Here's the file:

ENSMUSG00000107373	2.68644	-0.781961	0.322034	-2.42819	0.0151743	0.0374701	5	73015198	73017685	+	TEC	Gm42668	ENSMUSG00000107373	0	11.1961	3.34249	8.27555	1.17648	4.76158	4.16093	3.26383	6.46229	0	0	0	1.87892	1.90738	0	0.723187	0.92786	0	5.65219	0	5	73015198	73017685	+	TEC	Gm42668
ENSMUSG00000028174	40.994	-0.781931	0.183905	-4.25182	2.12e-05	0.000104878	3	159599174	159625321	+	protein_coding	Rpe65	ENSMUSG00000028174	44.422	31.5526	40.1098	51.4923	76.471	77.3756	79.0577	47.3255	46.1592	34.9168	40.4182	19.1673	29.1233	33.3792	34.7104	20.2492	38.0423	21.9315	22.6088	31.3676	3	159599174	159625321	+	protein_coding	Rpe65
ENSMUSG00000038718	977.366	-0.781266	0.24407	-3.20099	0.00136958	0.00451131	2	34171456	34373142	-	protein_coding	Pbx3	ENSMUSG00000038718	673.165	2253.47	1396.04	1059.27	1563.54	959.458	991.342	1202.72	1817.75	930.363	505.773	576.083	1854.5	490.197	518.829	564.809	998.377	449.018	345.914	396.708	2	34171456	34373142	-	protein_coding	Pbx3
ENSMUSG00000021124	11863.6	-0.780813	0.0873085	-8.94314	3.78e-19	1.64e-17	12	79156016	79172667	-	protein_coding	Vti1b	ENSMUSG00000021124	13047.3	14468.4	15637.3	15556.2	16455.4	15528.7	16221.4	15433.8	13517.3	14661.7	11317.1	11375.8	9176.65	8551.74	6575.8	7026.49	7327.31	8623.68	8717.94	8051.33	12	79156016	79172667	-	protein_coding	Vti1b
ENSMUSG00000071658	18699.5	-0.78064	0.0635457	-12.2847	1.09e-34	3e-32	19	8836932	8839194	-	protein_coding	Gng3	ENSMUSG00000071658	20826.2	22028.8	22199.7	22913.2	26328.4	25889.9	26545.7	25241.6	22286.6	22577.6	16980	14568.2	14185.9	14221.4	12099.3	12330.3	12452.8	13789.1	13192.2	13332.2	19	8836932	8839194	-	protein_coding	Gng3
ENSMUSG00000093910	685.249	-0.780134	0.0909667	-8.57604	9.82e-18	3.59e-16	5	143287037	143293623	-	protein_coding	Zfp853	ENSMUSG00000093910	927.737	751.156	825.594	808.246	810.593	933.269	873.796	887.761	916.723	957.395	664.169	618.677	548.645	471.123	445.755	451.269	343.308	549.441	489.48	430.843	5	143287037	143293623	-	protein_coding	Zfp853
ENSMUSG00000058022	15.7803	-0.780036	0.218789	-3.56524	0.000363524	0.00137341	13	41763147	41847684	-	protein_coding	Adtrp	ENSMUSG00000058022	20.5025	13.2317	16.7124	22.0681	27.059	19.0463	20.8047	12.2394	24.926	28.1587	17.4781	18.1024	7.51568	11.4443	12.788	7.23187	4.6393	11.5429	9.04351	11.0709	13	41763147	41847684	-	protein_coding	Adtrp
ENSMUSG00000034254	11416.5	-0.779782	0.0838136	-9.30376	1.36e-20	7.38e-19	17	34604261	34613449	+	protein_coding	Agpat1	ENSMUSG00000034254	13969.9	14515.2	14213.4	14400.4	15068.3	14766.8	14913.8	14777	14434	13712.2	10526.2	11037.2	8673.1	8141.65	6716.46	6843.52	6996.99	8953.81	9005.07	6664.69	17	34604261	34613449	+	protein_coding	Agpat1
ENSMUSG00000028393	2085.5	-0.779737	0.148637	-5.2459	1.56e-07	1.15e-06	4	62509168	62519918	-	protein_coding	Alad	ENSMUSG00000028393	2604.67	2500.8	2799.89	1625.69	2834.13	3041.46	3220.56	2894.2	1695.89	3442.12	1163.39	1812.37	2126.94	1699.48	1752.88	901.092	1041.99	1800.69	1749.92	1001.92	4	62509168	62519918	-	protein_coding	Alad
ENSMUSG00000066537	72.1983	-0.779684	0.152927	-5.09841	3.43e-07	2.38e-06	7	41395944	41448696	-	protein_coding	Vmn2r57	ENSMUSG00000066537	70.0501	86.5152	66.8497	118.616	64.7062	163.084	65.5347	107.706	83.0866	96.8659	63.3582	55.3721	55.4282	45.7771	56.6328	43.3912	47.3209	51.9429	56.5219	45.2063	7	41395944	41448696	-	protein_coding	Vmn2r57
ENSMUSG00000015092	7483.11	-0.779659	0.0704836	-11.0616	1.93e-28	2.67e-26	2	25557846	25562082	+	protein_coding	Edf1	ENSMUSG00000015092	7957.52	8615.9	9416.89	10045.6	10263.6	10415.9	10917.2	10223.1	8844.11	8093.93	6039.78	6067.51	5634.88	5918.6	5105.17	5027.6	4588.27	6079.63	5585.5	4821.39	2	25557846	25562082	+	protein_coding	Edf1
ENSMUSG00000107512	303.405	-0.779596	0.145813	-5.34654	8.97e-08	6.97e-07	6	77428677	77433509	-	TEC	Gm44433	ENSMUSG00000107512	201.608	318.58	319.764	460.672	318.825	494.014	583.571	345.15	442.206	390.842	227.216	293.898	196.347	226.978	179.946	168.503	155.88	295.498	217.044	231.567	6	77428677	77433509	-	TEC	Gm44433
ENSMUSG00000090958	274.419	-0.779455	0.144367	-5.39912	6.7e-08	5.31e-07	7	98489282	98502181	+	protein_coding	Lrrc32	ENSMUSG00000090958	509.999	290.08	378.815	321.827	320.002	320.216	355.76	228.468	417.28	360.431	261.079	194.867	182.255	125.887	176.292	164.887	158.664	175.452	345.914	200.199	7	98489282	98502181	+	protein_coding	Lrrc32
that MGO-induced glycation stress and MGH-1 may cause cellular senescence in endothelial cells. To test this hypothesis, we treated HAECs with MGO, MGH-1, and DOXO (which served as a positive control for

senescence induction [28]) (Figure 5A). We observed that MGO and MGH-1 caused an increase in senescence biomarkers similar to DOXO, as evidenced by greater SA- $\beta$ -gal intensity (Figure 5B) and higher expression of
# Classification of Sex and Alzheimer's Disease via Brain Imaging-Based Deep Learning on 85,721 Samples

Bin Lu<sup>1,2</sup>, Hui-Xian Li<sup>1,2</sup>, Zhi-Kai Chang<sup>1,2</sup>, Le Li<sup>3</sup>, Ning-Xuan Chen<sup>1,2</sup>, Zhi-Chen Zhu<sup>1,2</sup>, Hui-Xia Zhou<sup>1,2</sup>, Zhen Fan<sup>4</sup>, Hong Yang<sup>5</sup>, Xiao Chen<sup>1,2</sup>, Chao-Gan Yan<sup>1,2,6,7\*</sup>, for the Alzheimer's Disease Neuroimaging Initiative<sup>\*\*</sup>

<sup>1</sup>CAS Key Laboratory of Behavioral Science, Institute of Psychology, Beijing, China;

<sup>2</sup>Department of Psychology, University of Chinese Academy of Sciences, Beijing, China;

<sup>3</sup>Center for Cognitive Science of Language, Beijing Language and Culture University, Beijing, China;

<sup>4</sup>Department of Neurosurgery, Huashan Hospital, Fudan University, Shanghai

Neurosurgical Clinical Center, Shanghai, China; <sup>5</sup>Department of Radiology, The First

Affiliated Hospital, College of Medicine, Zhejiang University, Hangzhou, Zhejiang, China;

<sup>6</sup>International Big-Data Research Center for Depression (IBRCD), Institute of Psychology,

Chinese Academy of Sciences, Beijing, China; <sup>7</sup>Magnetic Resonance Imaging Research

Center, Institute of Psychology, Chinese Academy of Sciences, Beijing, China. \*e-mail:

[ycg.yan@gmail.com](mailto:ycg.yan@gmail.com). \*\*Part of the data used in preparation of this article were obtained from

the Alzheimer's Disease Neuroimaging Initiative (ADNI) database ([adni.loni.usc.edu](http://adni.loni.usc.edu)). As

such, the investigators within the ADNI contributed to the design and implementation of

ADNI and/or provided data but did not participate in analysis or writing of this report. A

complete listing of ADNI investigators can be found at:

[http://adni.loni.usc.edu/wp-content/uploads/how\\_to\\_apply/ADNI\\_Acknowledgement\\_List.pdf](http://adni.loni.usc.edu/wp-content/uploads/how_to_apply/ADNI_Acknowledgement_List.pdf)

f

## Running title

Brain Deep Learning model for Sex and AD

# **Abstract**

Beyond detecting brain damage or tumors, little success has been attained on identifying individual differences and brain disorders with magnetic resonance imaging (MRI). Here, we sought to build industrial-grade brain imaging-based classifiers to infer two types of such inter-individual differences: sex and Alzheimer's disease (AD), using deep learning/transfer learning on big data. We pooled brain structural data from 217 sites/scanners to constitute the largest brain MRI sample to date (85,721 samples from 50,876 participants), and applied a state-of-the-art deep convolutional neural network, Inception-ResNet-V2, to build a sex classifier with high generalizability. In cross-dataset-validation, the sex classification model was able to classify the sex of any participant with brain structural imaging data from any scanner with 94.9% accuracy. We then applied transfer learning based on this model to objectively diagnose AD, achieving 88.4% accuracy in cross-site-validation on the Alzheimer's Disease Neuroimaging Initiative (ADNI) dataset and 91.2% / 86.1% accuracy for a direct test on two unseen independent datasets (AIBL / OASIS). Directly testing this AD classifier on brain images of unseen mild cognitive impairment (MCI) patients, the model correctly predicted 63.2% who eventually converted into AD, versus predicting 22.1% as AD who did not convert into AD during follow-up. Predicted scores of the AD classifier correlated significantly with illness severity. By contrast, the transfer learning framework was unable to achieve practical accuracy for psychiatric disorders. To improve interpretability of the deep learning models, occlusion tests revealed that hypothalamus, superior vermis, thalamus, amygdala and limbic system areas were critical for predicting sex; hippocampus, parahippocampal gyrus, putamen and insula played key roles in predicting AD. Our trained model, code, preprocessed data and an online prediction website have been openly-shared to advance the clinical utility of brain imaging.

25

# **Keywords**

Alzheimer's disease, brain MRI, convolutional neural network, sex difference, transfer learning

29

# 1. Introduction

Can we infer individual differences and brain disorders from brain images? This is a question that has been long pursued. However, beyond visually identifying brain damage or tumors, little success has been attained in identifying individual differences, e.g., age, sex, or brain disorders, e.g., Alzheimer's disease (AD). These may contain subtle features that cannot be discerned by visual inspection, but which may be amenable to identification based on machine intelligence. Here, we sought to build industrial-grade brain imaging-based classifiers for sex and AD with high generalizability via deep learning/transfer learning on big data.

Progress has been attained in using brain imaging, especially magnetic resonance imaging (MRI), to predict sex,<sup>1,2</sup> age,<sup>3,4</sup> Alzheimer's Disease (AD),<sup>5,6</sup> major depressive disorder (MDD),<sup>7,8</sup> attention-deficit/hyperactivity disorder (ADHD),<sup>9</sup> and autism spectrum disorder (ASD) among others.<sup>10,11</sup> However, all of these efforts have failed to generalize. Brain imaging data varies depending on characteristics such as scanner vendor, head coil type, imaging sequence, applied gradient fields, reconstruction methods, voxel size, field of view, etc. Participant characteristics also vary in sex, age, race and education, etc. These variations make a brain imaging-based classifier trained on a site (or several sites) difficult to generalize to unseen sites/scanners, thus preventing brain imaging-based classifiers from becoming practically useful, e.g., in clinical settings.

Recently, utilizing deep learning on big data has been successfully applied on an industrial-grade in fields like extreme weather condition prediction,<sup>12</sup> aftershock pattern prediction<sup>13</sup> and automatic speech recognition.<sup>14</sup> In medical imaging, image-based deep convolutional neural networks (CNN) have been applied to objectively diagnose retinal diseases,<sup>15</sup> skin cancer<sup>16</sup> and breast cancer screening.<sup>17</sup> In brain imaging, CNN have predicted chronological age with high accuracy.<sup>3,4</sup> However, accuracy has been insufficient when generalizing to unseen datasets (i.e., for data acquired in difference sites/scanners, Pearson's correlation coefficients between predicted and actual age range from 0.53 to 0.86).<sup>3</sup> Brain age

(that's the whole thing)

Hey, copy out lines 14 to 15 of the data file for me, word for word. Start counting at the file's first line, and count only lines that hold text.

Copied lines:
that MGO-induced glycation stress and MGH-1 may cause cellular senescence in endothelial cells. To test this hypothesis, we treated HAECs with MGO, MGH-1, and DOXO (which served as a positive control for

senescence induction [28]) (Figure 5A). We observed that MGO and MGH-1 caused an increase in senescence biomarkers similar to DOXO, as evidenced by greater SA- $\beta$ -gal intensity (Figure 5B) and higher expression of